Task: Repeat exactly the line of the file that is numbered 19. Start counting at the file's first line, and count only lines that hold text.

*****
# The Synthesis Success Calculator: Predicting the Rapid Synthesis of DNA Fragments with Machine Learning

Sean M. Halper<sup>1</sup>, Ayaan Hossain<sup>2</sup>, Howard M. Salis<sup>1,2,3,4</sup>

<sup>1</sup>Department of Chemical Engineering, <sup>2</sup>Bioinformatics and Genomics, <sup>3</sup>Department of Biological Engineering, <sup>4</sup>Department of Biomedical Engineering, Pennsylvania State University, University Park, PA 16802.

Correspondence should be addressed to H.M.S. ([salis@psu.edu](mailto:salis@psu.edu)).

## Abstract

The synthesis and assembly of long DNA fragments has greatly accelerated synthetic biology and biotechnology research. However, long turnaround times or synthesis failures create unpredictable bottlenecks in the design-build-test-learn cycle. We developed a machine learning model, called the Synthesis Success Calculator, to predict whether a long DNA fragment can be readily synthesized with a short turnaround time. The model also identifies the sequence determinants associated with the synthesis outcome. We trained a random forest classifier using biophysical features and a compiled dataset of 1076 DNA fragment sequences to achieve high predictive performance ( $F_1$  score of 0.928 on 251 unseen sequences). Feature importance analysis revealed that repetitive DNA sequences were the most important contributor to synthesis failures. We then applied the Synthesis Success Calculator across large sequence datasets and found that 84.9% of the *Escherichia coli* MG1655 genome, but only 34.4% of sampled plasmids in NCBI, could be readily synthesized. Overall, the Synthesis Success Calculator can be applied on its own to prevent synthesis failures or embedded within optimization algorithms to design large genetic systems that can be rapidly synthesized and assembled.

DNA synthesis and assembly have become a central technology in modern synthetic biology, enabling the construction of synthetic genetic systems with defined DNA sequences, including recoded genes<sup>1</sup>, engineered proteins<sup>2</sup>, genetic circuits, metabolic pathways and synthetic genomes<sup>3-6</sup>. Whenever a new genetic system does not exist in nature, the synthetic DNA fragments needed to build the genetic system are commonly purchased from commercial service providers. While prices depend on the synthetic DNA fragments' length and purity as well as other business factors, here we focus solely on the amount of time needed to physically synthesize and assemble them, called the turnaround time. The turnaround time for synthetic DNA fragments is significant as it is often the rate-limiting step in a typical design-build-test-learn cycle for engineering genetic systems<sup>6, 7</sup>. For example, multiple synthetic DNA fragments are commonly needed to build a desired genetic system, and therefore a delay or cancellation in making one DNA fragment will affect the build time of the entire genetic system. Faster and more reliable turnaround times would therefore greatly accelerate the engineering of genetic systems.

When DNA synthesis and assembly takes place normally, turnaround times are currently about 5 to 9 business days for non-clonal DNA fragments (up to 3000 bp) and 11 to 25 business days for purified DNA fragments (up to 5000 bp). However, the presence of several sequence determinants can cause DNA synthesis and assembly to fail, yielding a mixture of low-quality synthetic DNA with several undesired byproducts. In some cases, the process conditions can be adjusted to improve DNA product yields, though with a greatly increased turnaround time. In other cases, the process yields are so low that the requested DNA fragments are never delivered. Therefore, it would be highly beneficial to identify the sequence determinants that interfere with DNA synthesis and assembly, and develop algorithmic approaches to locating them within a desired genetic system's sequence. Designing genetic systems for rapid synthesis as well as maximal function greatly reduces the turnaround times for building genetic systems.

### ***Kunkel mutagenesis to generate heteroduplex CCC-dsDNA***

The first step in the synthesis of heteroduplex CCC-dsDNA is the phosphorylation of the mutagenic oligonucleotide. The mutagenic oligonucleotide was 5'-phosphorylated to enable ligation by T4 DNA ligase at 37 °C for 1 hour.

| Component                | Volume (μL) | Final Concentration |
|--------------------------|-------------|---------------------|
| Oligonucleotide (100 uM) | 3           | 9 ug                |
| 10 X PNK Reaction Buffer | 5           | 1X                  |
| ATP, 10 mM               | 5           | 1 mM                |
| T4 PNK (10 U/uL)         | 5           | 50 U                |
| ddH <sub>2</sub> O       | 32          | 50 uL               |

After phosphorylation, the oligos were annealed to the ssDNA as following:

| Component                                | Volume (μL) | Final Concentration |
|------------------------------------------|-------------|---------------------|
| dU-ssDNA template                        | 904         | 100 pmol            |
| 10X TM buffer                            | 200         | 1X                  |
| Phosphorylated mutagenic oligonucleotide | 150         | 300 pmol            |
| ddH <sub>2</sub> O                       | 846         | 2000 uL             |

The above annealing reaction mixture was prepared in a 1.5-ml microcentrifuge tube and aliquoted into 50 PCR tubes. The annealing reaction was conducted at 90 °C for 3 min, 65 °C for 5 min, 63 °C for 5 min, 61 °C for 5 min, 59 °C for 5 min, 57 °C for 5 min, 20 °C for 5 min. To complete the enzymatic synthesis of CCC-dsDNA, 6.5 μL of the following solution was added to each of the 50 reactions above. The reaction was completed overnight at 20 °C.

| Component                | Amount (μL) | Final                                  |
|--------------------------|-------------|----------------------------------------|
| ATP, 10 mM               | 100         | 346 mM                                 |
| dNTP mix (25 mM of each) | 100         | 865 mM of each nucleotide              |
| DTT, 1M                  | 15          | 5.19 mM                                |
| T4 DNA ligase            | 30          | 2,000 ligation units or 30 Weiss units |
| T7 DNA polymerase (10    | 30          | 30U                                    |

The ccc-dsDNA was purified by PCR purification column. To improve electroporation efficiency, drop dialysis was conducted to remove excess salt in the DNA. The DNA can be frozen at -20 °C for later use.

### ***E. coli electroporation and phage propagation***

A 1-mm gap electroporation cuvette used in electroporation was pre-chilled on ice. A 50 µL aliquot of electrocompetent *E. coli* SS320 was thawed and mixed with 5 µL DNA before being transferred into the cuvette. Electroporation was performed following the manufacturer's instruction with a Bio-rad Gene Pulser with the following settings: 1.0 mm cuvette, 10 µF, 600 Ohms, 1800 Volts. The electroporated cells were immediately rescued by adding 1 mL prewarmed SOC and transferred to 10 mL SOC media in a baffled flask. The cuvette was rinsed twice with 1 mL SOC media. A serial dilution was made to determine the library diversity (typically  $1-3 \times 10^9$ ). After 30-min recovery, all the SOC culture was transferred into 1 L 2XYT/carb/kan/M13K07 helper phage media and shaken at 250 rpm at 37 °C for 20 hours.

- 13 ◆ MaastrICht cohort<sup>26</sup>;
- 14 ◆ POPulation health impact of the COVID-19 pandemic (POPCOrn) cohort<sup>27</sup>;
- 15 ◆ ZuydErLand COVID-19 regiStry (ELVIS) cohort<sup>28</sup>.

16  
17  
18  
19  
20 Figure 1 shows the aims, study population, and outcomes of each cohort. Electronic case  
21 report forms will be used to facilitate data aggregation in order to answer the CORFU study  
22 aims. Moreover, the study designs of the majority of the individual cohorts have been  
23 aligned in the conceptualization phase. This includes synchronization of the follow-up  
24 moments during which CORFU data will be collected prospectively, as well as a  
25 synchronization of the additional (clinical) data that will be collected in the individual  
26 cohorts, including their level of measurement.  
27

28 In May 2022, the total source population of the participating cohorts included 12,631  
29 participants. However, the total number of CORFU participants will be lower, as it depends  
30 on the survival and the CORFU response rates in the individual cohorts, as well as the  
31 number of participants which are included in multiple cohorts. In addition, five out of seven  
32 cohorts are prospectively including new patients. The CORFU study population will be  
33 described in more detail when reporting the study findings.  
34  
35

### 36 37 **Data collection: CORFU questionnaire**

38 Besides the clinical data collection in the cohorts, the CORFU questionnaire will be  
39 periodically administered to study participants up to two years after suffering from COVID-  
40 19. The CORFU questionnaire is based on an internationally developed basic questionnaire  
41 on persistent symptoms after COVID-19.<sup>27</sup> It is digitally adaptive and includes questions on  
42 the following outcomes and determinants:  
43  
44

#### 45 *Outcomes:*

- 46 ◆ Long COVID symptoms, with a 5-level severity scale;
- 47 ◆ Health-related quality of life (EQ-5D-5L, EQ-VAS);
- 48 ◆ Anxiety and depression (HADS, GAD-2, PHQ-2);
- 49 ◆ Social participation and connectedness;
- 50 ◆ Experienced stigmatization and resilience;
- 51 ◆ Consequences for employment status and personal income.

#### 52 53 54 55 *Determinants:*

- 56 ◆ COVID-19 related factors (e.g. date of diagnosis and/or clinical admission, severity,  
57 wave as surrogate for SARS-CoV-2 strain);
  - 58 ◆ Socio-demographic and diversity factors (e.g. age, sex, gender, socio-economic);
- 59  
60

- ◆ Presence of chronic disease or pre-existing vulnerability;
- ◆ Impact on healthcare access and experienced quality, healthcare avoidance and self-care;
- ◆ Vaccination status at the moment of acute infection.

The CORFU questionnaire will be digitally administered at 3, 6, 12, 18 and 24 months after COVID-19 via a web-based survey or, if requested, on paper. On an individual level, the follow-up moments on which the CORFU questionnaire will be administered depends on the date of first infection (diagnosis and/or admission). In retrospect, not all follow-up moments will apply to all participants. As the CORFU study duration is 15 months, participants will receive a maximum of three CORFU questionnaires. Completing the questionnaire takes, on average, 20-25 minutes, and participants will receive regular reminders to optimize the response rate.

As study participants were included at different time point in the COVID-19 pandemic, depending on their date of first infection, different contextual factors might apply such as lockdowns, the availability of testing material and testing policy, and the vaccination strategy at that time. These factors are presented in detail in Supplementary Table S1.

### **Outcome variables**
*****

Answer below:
| Component                                | Volume (μL) | Final Concentration |